And here we are, six years later, with two kids. I’m still at my job. I’m still writing. And I’m still performing. Granted, I’m not able to do two shows a week and stay out afterward drinking and chatting with the other performers. I’m more thoughtful about which gigs I take, which opportunities I say yes to, measuring the amount of time they require against the amount of time I’m willing to be away from my family and the burden my absence will place on them. But I didn’t give anything up.

You don’t have to give anything up.

Before I had kids, I would think about writing and think about writing and put it off and feel bad about putting it off and put it off again. Now that I have kids I the only way I can write is to carve out dedicated time to write, to put it on the calendar, schedule it with my husband, let my 4-year-old know that mommy is not to be disturbed, so when the time finally comes I don’t fucking waste it. I don’t write as much as I used to, but what I write is far more usable because when I write I FUCKING WRITE. I write like someone is chasing me. I write without worrying if it’s good enough because who has time this is a limited window of opportunity and the window is closing just write woman WRITE LIKE YOU’RE ON FIRE.

As for the gendered work load — that’s a valid concern, but you’re not helpless in the face of it. There is work that cannot be shared — carrying the baby, birthing the baby, and, if you choose to, breastfeeding the baby. Add in the fact that men don’t get any sort of paternity leave and six weeks into your new baby’s life you’ve created a pattern that you could stick to for the rest of your lives: the woman takes care of the baby and the house, the man “helps.” Or, you can consciously decide to push back and re-examine that shit. If you don’t want to live that gendered stereotype life, then don’t live that gendered stereotype life.

For me, as a creative person, having kids narrowed some aspects of life, but within those narrow parameters I found a new depth. I have whole new set of life experiences to draw from and I’m able to focus on my work with a precision that was previously unavailable to me. Now, someone without kids with that same focus would definitely have a much greater creative output, but I’m OK with having less time. Because, and here’s the thing I didn’t think about very much before I had kids, it’s all so temporary. The newborn stage is only three months, and then the baby sleeps more, eats less frequently, things settle into a new normal, and you surge forward.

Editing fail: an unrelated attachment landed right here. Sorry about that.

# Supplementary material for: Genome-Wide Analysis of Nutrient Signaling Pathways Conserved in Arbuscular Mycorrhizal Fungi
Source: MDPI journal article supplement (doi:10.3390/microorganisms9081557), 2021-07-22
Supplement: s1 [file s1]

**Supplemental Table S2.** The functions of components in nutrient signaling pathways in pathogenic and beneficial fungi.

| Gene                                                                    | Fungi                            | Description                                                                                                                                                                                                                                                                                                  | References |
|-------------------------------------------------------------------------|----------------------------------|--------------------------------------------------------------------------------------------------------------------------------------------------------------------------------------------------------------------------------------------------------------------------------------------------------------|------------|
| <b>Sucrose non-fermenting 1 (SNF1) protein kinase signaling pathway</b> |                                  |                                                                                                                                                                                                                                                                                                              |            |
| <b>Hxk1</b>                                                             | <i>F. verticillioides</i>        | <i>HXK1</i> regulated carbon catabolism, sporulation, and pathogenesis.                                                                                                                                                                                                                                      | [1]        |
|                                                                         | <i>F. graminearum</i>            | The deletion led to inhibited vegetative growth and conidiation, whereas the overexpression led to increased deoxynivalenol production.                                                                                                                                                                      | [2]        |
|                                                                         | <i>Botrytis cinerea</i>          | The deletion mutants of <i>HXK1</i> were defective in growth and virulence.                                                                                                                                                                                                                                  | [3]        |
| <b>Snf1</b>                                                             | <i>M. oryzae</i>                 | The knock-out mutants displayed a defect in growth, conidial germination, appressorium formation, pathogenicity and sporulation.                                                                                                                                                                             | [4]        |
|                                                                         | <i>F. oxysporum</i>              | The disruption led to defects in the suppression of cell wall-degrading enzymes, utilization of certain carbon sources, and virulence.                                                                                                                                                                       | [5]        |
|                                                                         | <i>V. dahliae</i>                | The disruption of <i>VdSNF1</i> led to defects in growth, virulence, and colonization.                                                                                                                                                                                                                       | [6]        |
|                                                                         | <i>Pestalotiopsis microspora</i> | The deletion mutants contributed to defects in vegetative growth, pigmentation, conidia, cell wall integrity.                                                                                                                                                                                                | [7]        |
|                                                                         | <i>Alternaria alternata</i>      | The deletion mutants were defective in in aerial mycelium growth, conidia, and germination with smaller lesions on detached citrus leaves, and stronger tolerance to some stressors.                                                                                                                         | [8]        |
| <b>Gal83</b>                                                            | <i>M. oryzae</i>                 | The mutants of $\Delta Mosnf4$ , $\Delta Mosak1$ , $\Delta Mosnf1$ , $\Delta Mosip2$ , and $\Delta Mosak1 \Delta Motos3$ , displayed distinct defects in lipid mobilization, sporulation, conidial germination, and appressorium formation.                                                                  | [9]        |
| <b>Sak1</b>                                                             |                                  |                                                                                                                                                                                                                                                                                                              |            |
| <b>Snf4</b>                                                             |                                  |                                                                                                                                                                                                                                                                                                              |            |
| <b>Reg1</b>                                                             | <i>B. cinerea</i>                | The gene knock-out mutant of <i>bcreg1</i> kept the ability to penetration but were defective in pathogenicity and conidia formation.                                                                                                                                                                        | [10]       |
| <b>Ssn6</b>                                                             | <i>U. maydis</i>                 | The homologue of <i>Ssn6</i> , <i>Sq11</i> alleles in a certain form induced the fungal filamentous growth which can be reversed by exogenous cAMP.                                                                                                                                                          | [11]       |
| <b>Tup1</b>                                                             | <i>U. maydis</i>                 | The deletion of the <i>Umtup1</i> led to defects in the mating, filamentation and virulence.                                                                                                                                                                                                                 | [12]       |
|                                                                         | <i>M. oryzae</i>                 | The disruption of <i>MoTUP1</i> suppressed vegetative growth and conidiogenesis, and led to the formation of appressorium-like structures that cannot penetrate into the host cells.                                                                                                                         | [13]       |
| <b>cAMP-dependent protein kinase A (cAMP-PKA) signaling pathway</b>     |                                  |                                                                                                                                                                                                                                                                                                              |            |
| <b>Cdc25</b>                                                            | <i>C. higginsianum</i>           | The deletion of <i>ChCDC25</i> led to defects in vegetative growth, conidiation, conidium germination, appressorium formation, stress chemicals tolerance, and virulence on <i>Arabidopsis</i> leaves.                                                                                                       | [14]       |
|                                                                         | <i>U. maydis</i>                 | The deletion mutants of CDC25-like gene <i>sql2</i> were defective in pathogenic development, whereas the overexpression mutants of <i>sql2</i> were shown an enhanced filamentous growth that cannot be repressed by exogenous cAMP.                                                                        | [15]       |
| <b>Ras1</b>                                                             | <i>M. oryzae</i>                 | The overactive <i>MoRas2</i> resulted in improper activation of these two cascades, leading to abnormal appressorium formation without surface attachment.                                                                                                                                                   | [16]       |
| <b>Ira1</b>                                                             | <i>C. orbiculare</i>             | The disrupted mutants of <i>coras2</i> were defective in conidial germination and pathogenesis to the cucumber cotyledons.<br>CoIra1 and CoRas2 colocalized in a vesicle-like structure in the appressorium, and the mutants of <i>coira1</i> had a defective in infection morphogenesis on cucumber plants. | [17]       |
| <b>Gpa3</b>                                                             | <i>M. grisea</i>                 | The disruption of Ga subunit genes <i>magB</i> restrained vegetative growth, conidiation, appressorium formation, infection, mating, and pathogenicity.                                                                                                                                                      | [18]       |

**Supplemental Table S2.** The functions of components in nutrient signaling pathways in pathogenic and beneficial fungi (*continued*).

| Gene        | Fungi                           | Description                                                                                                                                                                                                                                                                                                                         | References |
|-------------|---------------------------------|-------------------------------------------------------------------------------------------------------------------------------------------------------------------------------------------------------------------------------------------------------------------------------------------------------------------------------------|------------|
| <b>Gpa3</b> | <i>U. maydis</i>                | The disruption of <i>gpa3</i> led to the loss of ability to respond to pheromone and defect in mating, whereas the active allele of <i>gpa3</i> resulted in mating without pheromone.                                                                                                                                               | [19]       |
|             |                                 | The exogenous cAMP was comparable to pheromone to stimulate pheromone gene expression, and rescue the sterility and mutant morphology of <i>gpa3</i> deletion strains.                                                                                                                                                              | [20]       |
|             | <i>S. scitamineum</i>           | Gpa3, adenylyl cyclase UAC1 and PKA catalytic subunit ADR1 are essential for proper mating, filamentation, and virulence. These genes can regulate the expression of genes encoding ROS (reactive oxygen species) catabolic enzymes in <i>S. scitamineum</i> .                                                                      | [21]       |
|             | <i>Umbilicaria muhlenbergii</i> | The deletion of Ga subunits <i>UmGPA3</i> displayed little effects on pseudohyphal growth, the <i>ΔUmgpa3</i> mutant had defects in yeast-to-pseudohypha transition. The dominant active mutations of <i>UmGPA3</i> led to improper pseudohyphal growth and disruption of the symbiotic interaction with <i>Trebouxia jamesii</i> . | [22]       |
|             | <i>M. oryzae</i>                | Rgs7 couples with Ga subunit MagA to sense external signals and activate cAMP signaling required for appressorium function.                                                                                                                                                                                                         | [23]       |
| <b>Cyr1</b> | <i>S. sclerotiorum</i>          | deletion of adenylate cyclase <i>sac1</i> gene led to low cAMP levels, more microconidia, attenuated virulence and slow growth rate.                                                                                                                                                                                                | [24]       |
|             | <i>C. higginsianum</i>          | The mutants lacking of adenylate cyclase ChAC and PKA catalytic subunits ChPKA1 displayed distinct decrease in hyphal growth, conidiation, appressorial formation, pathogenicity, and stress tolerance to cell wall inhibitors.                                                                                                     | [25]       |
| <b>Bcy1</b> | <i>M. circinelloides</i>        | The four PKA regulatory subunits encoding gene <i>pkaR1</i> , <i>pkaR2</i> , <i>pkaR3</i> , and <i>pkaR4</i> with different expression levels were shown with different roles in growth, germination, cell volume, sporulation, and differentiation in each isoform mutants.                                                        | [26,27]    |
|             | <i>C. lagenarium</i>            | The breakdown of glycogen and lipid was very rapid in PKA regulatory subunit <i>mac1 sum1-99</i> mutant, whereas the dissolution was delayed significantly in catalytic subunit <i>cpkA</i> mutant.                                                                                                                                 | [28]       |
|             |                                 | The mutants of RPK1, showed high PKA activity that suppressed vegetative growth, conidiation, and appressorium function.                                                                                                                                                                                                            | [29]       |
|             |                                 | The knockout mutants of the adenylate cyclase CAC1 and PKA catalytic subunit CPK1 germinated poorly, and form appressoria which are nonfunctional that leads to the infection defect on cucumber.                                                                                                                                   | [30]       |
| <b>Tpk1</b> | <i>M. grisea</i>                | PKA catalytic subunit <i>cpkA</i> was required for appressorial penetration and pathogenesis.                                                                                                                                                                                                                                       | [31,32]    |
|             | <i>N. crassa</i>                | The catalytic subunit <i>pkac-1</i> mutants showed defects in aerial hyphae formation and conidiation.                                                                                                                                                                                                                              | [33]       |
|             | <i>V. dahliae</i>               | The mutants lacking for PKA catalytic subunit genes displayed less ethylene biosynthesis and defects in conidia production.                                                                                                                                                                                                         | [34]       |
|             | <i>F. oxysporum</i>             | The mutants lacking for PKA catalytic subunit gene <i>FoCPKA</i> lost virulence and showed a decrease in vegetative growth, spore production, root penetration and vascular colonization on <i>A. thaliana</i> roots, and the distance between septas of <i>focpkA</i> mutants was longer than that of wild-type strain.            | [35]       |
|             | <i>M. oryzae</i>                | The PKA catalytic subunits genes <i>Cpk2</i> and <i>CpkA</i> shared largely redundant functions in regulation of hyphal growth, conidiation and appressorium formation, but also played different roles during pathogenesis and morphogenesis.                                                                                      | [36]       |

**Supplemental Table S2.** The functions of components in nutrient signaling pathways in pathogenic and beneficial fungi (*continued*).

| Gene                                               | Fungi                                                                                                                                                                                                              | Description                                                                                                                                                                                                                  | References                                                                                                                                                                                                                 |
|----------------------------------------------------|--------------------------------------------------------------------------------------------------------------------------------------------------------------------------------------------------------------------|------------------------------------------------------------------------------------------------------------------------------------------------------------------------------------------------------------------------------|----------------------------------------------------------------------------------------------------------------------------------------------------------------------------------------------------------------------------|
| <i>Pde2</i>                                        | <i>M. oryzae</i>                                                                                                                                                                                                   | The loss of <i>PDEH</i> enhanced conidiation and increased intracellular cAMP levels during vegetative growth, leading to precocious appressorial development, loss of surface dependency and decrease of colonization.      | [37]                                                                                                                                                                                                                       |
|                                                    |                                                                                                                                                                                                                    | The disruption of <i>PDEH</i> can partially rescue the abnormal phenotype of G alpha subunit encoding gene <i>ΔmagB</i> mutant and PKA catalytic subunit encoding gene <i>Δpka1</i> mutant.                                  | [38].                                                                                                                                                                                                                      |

Now, was I crying to my husband last night that it’s all too much and I can’t get half of the shit done that I want to get done every day and I’m so tired and so ready for this part to be over? FUCK YEAH I WAS. Because the newborn stage is bootcamp and everyone breaks down during bootcamp.

Here’s the truth: When you have kids, you do lose yourself. You lose all of yourself in quick newness of this completely helpless little person. And you’re both glad to do it, lost in love, and you’re also upset about it, resentful, wishing you could just. Fucking. Sleep.

Here’s the other truth: When you have kids, you lose yourself, but then you get yourself back. It’s a slightly new you, the way it always is when you change everything all at once, but it’s still you. And as for the things you want to do, the things you care about that you need, you find a way to bring them back, too. I promise that you can have children and also have creative ambitions. Don’t pick, have both.

Dana Norris once went on 71 internet dates, many of which you may read about here. She is the founder of Story Club and editor-in-chief of Story Club Magazine. She has been featured in McSweeney’s, Role Reboot, The Rumpus, and Tampa Review and she teaches at StoryStudio Chicago. You may find her on Twitter at @dananorris.